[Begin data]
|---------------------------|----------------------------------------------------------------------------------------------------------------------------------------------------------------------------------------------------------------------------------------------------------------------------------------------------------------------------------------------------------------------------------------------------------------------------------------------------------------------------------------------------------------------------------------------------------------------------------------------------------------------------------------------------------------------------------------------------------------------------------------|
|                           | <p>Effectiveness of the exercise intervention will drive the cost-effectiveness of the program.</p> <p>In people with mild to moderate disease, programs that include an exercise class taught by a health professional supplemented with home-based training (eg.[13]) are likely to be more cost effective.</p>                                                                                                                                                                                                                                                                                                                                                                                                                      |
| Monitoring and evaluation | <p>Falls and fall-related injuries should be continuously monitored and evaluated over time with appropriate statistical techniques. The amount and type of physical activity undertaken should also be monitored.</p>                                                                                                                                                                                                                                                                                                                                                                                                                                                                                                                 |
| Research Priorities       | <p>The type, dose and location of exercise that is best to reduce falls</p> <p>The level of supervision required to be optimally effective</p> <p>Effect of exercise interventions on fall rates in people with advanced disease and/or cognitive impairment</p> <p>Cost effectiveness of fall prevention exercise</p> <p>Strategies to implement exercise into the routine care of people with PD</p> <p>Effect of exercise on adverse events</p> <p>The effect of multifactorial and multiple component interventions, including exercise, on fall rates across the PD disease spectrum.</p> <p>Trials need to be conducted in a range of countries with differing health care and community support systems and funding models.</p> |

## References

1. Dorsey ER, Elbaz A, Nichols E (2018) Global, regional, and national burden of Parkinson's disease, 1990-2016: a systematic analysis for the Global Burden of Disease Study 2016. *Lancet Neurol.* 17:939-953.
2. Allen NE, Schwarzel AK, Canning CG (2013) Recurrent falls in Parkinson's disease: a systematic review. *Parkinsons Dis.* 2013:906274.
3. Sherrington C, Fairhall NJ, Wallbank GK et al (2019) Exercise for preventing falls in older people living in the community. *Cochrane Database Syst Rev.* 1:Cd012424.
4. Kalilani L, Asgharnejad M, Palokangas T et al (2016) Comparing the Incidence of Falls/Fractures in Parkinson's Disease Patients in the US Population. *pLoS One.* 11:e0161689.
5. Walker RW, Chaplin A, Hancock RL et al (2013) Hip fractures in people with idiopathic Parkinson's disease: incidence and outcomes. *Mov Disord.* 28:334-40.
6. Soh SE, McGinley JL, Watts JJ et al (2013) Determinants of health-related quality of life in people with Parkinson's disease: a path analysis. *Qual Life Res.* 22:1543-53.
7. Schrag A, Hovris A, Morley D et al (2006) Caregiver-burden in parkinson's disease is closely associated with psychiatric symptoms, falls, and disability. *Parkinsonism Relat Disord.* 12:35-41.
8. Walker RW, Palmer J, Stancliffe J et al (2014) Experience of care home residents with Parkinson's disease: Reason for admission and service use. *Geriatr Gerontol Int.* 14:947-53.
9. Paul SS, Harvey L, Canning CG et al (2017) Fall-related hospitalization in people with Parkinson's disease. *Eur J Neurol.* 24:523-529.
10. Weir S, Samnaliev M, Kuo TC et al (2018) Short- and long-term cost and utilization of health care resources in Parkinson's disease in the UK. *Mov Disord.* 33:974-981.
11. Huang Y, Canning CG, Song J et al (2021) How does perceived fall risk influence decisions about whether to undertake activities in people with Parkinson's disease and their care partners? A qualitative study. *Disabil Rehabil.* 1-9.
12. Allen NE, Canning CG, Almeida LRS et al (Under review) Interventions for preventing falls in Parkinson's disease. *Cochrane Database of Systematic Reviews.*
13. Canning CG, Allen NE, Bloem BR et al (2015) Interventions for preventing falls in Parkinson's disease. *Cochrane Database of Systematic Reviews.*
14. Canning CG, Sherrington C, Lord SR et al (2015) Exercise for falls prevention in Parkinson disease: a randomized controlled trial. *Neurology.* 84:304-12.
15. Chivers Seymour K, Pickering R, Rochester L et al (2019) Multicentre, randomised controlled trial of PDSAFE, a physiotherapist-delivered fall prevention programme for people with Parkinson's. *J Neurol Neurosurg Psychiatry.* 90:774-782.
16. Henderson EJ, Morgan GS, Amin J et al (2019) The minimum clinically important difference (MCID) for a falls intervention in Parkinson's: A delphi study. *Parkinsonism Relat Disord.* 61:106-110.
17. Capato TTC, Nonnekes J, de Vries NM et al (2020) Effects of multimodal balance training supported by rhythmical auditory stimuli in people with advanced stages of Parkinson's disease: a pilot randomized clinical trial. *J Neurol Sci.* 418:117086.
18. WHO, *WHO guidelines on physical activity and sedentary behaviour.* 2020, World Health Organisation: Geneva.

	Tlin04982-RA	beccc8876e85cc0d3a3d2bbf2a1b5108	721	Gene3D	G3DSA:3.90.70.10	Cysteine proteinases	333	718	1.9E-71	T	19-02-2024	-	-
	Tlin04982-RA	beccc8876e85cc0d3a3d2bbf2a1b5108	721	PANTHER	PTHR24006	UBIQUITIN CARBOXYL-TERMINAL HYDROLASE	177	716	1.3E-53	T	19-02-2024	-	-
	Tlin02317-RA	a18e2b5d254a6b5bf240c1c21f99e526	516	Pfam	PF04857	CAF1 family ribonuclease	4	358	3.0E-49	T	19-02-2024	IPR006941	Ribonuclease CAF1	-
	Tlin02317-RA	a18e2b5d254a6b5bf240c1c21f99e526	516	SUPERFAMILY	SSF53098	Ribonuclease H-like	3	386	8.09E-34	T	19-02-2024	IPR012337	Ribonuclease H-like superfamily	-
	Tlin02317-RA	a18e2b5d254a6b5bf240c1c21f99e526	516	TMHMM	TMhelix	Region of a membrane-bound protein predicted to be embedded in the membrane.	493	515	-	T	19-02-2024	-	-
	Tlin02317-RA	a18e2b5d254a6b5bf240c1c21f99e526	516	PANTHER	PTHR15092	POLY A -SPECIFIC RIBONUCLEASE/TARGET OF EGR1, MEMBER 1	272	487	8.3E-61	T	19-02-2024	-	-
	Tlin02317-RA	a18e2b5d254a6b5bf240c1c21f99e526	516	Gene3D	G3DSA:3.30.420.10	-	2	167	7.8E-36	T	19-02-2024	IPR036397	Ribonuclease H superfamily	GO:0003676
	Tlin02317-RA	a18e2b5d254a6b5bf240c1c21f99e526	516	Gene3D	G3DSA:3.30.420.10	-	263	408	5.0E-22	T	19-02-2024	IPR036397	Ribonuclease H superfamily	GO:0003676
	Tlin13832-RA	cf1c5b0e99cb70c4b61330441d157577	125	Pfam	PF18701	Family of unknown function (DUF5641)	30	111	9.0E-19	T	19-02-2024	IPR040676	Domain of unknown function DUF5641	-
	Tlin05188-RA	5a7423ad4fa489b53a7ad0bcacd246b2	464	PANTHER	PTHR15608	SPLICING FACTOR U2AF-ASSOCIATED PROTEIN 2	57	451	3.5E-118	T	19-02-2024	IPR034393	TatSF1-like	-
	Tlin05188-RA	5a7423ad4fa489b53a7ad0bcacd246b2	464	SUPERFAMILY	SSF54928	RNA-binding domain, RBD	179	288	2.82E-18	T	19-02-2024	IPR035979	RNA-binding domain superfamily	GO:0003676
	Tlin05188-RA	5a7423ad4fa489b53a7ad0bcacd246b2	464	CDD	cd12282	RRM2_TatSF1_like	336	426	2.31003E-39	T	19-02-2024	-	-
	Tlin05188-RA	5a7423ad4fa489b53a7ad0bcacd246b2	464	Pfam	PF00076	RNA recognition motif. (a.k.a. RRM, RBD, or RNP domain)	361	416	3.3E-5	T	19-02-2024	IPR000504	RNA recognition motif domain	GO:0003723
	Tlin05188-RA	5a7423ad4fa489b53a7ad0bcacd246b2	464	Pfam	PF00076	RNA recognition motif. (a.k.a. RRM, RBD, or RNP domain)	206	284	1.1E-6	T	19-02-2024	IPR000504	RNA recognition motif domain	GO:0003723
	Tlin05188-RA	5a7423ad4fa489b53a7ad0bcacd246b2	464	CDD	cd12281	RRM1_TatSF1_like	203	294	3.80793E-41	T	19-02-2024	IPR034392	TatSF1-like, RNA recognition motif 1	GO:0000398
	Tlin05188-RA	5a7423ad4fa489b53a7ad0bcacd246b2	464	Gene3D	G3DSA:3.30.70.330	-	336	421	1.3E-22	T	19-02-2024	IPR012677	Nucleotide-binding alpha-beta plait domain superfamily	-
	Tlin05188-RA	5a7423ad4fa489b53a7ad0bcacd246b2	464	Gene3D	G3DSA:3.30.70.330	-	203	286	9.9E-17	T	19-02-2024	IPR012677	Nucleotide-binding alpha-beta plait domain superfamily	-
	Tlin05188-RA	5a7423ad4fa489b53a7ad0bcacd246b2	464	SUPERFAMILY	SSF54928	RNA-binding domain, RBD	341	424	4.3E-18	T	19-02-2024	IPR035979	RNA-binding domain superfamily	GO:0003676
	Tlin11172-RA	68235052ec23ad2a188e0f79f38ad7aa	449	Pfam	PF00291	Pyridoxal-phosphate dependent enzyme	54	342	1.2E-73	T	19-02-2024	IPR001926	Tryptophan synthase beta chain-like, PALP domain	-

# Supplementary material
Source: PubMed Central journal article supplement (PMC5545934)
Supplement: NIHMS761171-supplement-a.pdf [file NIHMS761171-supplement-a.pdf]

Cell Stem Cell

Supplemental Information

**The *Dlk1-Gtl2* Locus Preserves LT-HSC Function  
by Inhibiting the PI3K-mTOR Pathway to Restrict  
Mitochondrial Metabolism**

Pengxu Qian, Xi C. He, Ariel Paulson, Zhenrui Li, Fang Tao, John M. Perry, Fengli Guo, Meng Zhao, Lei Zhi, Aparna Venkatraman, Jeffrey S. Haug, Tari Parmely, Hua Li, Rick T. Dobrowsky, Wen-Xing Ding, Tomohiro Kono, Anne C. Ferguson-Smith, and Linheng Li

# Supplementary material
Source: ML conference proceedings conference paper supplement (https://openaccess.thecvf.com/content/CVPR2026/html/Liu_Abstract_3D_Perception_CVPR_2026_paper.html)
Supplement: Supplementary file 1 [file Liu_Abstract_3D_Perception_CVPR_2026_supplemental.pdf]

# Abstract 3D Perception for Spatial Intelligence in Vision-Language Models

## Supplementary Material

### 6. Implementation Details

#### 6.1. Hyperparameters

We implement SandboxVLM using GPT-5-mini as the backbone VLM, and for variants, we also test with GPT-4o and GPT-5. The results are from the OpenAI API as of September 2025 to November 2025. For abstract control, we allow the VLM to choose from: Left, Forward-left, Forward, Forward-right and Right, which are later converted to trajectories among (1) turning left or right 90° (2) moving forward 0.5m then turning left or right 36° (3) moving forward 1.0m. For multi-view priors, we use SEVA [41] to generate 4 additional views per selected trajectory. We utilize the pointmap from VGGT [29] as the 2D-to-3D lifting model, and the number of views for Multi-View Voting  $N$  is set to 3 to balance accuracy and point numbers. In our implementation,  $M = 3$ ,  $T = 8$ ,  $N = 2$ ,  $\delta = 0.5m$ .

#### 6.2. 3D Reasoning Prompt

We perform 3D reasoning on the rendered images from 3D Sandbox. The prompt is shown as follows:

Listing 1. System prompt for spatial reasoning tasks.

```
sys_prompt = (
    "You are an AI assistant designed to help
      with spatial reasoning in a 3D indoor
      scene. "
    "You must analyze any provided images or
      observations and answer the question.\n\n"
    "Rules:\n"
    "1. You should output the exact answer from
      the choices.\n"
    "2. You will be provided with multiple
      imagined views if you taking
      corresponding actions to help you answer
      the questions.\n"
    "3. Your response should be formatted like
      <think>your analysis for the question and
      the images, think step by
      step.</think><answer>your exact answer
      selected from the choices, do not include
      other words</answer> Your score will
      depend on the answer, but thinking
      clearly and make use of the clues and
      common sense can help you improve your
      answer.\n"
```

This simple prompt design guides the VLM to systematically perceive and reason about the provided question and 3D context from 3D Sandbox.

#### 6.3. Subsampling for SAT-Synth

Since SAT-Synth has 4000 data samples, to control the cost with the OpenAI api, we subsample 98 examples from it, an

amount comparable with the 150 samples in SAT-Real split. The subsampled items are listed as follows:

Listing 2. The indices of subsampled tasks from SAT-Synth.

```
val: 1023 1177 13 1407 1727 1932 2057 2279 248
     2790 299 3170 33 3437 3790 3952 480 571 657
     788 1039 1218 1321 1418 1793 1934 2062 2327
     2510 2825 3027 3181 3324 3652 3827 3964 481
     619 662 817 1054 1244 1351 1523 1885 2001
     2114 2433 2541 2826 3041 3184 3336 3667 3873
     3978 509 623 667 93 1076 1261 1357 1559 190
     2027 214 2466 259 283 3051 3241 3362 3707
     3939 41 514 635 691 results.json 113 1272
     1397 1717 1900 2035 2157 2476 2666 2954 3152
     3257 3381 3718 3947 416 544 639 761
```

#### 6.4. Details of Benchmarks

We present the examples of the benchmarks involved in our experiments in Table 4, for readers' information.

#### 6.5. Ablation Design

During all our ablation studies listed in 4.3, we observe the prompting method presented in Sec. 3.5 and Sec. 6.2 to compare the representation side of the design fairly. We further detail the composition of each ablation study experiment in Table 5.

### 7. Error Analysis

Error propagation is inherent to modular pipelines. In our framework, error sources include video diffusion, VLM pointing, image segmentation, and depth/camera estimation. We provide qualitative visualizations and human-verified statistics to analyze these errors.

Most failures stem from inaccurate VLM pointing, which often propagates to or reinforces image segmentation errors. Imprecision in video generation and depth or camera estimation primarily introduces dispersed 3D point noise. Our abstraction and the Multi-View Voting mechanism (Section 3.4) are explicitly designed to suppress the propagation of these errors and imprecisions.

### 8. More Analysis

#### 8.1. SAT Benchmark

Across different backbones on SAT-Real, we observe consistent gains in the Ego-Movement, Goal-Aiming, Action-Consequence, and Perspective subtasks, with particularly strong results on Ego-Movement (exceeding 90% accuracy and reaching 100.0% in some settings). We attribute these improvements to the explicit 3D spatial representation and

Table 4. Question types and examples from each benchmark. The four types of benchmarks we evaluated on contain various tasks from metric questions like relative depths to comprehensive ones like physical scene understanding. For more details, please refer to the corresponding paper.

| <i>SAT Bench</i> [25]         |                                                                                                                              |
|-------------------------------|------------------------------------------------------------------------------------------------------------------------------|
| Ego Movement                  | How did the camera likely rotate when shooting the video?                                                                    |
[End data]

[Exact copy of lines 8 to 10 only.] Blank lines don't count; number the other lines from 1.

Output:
3. Sherrington C, Fairhall NJ, Wallbank GK et al (2019) Exercise for preventing falls in older people living in the community. *Cochrane Database Syst Rev.* 1:Cd012424.
4. Kalilani L, Asgharnejad M, Palokangas T et al (2016) Comparing the Incidence of Falls/Fractures in Parkinson's Disease Patients in the US Population. *pLoS One.* 11:e0161689.
5. Walker RW, Chaplin A, Hancock RL et al (2013) Hip fractures in people with idiopathic Parkinson's disease: incidence and outcomes. *Mov Disord.* 28:334-40.